I also discovered that some of my expectations of Dad had been unreasonable. For example, as a child I was disappointed by how little time my father spent with me, and the disappointment turned into resentment. But now I better understood how exhausted he had been every day, six days a week, coming home from twelve hours of hard manual labor. I recognized the difficulties of distributing his limited time at home among a wife and five children. To maintain my disappointment in him in light of my adult understanding of the challenge he had faced would only have been childish. I repented of it.
This time I listed all the times I could remember offending my parents. Again, I included current or long-standing problems as well as past incidents. Then I asked God to forgive me for these. Even though my contribution to the intergenerational conflict seemed insignificant compared to what my father had done (would he have seen it that way?), I had to repent of it all.
3. I counted the cost of failure to forgive. Was the pleasure I derived from holding this grudge really worth it? I remembered the parable of the unmerciful servant. Could I afford to hang on to my parents' debt when God had canceled my own? Did I want to be jailed with the "torturers" the rest of my life?
4. I confessed to God that my anger had clouded my vision, and I asked Him to show me my parents the way He saw them. Seeing our parents from God's perspective makes forgiveness easier because we begin to understand the circumstances that have contributed to shaping them.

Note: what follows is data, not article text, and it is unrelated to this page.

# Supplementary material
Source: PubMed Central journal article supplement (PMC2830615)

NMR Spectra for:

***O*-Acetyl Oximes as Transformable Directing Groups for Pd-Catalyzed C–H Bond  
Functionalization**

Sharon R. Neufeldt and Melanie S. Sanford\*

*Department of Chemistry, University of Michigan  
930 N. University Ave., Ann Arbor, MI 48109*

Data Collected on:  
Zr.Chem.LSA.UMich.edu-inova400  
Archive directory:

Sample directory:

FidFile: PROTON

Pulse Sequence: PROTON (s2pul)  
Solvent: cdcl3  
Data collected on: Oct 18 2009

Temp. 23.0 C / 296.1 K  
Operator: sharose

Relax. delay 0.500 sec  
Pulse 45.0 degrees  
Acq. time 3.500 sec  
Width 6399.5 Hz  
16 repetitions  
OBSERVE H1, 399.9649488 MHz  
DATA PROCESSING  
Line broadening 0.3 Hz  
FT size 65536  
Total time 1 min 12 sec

This particular step was a major breakthrough in my own process of reconciliation with my father. I envisioned him in a situation my grandmother had once described to me. As the oldest of five children with an alcoholic father, living in urban poverty and struggling to survive during the Depression, my father had had to help support the family financially. I could picture him, as my grandmother remembered him, standing on the street corner in winter, a primary school child, hungry and wrapped in rags, selling bundles of kindling wood he had chopped up himself and hauled to town in his wagon.
Seeing that frightened, weary little boy began to melt my anger at the outwardly tough, inwardly insecure man who had raised me. His gruffness and macho attitude, his insistence that his children work when others were playing, became easier for me to forgive in the light of his past. Of course, those early circumstances didn't justify his later behavior, but understanding them gave me more grace to forgive him.
To help you gain a similar understanding, try talking to your relatives — especially your grandparents — to find out what experiences shaped your parents in their formative years. What kind of mother and father roles were modeled to them? Were they deprived of some normal childhood experience because of poverty, illness, or accident?